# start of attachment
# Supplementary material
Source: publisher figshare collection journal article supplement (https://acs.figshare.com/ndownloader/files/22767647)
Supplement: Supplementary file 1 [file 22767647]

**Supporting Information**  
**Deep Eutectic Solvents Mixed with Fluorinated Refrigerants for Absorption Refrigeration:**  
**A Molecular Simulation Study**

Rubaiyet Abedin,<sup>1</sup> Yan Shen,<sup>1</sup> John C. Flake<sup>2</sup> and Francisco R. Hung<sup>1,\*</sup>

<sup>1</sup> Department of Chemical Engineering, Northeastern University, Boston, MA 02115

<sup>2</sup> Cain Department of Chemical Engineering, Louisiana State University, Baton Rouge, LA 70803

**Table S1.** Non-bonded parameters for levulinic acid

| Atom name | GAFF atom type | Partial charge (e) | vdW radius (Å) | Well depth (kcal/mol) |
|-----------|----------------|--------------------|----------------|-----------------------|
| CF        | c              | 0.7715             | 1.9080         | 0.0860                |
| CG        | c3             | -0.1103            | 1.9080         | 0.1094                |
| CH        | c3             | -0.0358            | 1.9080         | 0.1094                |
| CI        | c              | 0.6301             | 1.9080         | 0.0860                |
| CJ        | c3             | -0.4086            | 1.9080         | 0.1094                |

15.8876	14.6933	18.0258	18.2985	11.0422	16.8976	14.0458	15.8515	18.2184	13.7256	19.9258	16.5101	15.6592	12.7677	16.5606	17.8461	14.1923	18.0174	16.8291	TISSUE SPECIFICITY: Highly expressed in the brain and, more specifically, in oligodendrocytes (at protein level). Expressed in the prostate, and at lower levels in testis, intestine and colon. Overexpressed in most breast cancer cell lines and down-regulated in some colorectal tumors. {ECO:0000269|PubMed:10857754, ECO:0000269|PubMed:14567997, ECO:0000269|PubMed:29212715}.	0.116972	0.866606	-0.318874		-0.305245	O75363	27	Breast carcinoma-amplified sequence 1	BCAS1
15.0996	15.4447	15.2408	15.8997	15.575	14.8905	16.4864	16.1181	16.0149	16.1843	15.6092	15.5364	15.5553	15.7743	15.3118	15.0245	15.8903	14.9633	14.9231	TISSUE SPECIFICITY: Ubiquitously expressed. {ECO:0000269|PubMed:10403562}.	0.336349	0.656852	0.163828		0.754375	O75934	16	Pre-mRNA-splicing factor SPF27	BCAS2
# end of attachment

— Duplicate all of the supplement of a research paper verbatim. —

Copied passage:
# Supplementary material
Source: publisher figshare collection journal article supplement (https://acs.figshare.com/ndownloader/files/22767647)
Supplement: Supplementary file 1 [file 22767647]

**Supporting Information**  
**Deep Eutectic Solvents Mixed with Fluorinated Refrigerants for Absorption Refrigeration:**  
**A Molecular Simulation Study**

Rubaiyet Abedin,<sup>1</sup> Yan Shen,<sup>1</sup> John C. Flake<sup>2</sup> and Francisco R. Hung<sup>1,\*</sup>

<sup>1</sup> Department of Chemical Engineering, Northeastern University, Boston, MA 02115

<sup>2</sup> Cain Department of Chemical Engineering, Louisiana State University, Baton Rouge, LA 70803

**Table S1.** Non-bonded parameters for levulinic acid

| Atom name | GAFF atom type | Partial charge (e) | vdW radius (Å) | Well depth (kcal/mol) |
|-----------|----------------|--------------------|----------------|-----------------------|
| CF        | c              | 0.7715             | 1.9080         | 0.0860                |
| CG        | c3             | -0.1103            | 1.9080         | 0.1094                |
| CH        | c3             | -0.0358            | 1.9080         | 0.1094                |
| CI        | c              | 0.6301             | 1.9080         | 0.0860                |
| CJ        | c3             | -0.4086            | 1.9080         | 0.1094                |

15.8876	14.6933	18.0258	18.2985	11.0422	16.8976	14.0458	15.8515	18.2184	13.7256	19.9258	16.5101	15.6592	12.7677	16.5606	17.8461	14.1923	18.0174	16.8291	TISSUE SPECIFICITY: Highly expressed in the brain and, more specifically, in oligodendrocytes (at protein level). Expressed in the prostate, and at lower levels in testis, intestine and colon. Overexpressed in most breast cancer cell lines and down-regulated in some colorectal tumors. {ECO:0000269|PubMed:10857754, ECO:0000269|PubMed:14567997, ECO:0000269|PubMed:29212715}.	0.116972	0.866606	-0.318874		-0.305245	O75363	27	Breast carcinoma-amplified sequence 1	BCAS1
15.0996	15.4447	15.2408	15.8997	15.575	14.8905	16.4864	16.1181	16.0149	16.1843	15.6092	15.5364	15.5553	15.7743	15.3118	15.0245	15.8903	14.9633	14.9231	TISSUE SPECIFICITY: Ubiquitously expressed. {ECO:0000269|PubMed:10403562}.	0.336349	0.656852	0.163828		0.754375	O75934	16	Pre-mRNA-splicing factor SPF27	BCAS2